For years now, the Port Coquitlam fire department has responded to even the most basic of medical calls with one of its large fire engines.
But come May 1, that will change. As part of major operational adjustments coming to the PoCo department, firefighters will be responding to heart attacks, falls and broken limbs in a new medical response vehicle.
The vehicle is actually a Ford F-150 pickup truck equipped with the necessary medical supplies to handle the job.
"It's very quick to respond to medical calls," PoCo fire chief Nick Delmonico told The NOW.
The chief explained the larger engines are being run off their feet, so to speak, attending medical calls, causing wear and tear on the expensive equipment and costing extra money for fuel.
The larger trucks are also harder to manoeuvre in a growing city.
"It made sense from both a response as well as a fiscal [point of view]," Delmonico said, noting Port Coquitlam will just be the second community in B.C. to use such a response vehicle.
Employing a response vehicle was one of 32
recommendations to come from an eight-month review of the department carried out last year by the chief.
A total of 58 per cent of calls for the fire service are medical related, which doesn't include responding to accidents.
Delmonico noted the increased call volume is directly tied to the growth in population.
In 1991, the fire department responded to 1,100 calls, but by 2012, the number had quadrupled to more than 4,000.
The move to the smaller vehicle and the change in service wouldn't have happened without an increase in manpower at the fire halls.
After going 22 years without an increase in staff, PoCo city council finally gave the green light in this year's budget to hire six new firefighters.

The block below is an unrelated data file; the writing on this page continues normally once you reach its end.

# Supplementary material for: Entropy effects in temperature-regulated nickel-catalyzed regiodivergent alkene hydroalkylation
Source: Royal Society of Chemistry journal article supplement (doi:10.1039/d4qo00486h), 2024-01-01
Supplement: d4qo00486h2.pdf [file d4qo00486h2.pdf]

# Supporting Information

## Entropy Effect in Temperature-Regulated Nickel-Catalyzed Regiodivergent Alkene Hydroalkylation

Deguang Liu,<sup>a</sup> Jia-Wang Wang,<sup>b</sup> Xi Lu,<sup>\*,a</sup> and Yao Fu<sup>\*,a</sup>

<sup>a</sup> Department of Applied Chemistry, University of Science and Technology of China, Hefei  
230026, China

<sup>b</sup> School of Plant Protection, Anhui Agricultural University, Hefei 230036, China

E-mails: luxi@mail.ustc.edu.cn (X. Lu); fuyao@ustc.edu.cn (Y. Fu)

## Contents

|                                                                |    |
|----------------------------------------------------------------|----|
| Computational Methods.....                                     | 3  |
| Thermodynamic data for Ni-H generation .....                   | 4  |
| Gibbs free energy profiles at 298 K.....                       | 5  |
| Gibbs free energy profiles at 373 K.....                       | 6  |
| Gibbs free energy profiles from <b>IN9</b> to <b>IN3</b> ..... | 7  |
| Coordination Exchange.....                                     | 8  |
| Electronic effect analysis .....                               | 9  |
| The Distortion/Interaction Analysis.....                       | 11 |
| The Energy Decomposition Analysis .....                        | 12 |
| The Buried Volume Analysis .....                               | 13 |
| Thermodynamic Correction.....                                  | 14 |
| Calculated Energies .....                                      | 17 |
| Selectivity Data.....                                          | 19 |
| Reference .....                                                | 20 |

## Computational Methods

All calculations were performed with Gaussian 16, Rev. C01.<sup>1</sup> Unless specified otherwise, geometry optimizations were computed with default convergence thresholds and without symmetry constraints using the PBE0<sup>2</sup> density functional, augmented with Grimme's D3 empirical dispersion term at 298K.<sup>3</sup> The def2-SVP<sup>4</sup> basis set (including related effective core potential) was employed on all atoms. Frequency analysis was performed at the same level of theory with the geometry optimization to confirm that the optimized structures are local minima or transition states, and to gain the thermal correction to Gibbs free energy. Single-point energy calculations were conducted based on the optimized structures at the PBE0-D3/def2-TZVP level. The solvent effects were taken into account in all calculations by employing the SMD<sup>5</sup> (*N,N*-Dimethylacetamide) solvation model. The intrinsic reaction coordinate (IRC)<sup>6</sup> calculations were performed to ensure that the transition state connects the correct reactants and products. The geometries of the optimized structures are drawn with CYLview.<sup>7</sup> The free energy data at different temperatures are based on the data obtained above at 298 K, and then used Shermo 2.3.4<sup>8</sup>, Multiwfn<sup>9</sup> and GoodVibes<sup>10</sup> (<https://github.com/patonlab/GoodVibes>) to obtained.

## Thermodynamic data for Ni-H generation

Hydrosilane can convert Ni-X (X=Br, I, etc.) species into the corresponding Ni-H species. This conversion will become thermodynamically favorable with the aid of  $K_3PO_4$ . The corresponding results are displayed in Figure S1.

The increase works out to one position for four shifts.
That allows the department to run three full members on an engine, rather than the 2.5 previously and move crew to the smaller truck for medical calls.
"It doesn't sound like much, one person, but it is quite a large gain for us," Delmonico said, adding the operational changes will help offset some of the costs for the extra firefighters.
The extra firefighters will also get the department closer to industry guidelines of having a crew of 16 responding to a one-alarm residential fire.
With the new members, the department can now sends 11 on each call, up from the 10 of years past.
The new firefighters will be ready to suit up by the end of April.
PoCo Mayor Greg Moore said he's pleased by the changes coming to the fire department.
"It's a higher level of service and at the same time it will save us money," he said.
In terms of the medical response truck, Moore noted the fire service has changed over the years, adding it made sense from a service delivery and economic perspective to reflect that difference.
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